He said the light of Christ had been sometimes eclipsed and the Church had then appeared just “a human institution, her teachings opinion, her Scriptures archaeology, her Sacraments empty”.
Today’s challenge, Bishop Davies said in his homily, was for Catholics to follow the Pope in courageously making the true face of Jesus visible in the Church.
Reflecting on the papal visit Bishop Davies said: “When you think back to what we saw and heard during those unforgettable days of September it was the Mass celebrated with such dignity, the adoration of the Blessed Sacrament which brought public broadcasters to an unexpected silence as well as those tens of thousands who knelt in London’s Hyde Park, the Holy Father’s repeated calls to prayer, to holiness and to the courage of public witness to our faith, a new evangelisation. And in this an example as we saw our fellow countrymen John Henry Newman raised up before us as Blessed.”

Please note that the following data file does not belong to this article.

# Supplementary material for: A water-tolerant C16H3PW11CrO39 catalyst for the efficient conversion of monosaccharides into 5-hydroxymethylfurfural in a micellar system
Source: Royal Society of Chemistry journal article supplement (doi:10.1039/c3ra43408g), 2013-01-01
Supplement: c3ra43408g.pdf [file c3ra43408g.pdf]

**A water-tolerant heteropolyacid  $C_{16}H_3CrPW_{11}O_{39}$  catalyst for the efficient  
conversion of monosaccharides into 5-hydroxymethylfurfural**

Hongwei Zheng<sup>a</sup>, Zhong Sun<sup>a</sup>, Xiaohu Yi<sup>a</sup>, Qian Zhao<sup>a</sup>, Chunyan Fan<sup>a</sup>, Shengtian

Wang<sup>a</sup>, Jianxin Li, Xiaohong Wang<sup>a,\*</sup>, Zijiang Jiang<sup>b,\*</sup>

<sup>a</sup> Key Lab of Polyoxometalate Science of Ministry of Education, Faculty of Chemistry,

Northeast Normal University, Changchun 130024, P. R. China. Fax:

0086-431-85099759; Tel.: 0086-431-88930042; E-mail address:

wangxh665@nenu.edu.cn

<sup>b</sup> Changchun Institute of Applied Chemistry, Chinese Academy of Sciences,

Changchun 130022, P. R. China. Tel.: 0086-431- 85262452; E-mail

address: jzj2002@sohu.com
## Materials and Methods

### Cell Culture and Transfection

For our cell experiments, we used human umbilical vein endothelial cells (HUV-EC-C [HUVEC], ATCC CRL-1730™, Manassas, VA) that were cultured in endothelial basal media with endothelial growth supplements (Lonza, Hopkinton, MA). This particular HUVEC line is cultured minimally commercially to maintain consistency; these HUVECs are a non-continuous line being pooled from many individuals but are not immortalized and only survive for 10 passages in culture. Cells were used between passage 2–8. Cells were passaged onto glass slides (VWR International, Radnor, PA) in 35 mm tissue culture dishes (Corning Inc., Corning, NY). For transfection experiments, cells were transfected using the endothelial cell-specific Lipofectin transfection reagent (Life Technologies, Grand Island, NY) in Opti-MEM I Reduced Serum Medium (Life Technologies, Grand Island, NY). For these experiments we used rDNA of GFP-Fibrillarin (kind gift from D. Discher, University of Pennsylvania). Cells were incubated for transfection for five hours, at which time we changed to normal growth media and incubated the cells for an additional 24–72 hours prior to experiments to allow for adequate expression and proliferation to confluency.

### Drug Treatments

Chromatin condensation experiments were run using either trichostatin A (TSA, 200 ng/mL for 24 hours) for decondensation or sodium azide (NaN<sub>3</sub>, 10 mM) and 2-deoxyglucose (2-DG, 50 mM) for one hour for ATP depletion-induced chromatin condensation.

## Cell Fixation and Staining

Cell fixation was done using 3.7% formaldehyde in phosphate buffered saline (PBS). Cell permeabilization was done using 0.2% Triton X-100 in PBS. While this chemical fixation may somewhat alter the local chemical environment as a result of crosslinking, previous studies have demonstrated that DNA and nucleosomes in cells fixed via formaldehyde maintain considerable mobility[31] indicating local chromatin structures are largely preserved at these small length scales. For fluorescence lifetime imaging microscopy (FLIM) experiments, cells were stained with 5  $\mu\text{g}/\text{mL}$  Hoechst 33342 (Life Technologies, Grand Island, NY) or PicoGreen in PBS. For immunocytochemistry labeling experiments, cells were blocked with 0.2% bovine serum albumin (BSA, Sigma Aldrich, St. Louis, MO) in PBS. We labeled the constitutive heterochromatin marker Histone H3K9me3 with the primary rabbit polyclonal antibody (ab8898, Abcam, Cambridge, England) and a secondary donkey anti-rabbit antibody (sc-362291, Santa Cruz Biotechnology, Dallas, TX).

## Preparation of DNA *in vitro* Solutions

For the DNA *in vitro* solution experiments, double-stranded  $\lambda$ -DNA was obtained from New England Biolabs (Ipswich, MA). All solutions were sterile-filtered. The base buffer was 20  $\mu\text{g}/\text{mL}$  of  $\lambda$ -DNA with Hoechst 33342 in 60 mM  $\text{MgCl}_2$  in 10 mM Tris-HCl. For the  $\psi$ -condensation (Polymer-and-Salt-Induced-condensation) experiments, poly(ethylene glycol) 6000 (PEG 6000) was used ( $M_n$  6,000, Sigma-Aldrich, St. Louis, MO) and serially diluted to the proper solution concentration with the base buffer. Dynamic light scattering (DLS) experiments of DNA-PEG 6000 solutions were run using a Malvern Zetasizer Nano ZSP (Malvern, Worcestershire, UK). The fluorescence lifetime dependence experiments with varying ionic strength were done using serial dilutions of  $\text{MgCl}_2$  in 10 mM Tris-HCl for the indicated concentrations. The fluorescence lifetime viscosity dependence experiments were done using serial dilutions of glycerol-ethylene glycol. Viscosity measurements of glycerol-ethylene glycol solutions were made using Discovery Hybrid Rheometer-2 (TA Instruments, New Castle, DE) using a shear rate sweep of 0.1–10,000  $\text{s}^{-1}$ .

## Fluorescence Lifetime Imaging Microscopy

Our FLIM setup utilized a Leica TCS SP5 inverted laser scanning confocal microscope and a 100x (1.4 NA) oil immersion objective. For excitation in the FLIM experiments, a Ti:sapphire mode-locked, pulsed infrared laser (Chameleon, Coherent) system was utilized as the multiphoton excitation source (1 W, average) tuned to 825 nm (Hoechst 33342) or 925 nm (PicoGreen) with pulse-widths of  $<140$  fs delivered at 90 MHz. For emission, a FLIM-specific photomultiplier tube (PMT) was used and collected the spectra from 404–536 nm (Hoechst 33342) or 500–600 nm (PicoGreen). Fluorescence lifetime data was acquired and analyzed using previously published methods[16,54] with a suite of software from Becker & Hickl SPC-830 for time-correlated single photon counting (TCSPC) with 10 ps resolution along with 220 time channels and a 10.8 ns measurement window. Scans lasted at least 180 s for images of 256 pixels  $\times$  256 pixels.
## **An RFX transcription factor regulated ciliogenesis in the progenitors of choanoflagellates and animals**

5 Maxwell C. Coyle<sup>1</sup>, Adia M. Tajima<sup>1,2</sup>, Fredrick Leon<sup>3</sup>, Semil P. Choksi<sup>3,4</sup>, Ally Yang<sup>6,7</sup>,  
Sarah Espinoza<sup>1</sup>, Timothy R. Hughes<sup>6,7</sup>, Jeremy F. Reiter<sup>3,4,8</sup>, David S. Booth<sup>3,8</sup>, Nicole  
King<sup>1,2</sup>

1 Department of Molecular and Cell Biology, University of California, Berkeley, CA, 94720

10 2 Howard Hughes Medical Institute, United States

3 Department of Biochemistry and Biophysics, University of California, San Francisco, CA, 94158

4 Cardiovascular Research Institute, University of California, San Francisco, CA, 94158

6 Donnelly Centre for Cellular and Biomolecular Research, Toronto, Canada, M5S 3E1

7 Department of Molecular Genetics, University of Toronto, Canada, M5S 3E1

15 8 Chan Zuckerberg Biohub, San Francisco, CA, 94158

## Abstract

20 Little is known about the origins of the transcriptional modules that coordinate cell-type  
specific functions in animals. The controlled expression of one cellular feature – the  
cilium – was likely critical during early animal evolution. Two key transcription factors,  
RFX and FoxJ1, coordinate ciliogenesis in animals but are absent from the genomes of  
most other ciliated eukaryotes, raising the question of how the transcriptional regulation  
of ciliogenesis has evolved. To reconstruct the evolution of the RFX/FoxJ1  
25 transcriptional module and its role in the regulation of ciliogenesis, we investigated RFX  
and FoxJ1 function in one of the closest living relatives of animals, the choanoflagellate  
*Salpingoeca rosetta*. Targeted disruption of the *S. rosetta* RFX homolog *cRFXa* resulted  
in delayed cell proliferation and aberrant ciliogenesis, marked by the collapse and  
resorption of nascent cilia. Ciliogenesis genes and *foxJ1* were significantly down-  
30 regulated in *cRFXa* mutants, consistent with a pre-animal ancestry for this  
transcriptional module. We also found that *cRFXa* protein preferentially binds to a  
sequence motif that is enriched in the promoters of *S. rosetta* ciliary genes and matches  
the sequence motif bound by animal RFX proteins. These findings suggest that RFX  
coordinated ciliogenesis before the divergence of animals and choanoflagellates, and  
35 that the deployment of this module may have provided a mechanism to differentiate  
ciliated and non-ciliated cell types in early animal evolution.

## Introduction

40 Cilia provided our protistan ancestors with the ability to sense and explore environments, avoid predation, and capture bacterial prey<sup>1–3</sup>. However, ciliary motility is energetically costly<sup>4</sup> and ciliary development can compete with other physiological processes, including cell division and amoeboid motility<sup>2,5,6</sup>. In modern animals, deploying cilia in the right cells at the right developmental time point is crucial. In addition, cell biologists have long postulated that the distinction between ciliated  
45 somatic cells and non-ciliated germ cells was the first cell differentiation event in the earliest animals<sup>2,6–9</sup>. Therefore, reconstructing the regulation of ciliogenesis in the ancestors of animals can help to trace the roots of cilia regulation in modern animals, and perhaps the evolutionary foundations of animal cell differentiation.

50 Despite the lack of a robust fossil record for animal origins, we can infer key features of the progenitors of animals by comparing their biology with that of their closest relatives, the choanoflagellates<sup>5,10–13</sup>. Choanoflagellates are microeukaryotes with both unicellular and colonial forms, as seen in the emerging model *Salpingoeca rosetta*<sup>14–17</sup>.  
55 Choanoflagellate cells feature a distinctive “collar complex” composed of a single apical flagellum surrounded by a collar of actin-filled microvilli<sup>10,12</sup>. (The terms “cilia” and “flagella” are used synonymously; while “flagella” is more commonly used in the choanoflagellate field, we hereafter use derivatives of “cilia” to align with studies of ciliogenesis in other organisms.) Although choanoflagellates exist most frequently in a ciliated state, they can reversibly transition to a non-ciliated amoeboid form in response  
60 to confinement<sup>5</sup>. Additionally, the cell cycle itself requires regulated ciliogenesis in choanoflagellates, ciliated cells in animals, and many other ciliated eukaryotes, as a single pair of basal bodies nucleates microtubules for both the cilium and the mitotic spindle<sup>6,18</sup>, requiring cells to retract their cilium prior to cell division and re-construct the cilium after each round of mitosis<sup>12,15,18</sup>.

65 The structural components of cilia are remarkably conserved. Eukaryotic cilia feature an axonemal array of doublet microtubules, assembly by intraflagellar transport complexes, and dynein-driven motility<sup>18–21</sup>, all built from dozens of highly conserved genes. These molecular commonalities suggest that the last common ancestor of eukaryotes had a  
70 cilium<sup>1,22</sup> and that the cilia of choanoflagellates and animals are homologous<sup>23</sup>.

The bishop said that for many young Catholics the papal visit was one of the greatest moments of their lives. He said: “They saw beyond those clouds of controversy to stand with the Church in faith, with the Pope in the joy of the faith we share which was suddenly manifest on the streets of our cities in hundreds of thousands of faces. In this they caught sight of Christ living in His Church, teaching in His Church, recognised in His saints who are the Church at its truest, and above all in the reality of the Holy Eucharist.”
Bishop Davies wants young people to embrace the Catholic faith Photo: Mazur/catholicchurch.org.uk
New guidance threatens rights of pharmacists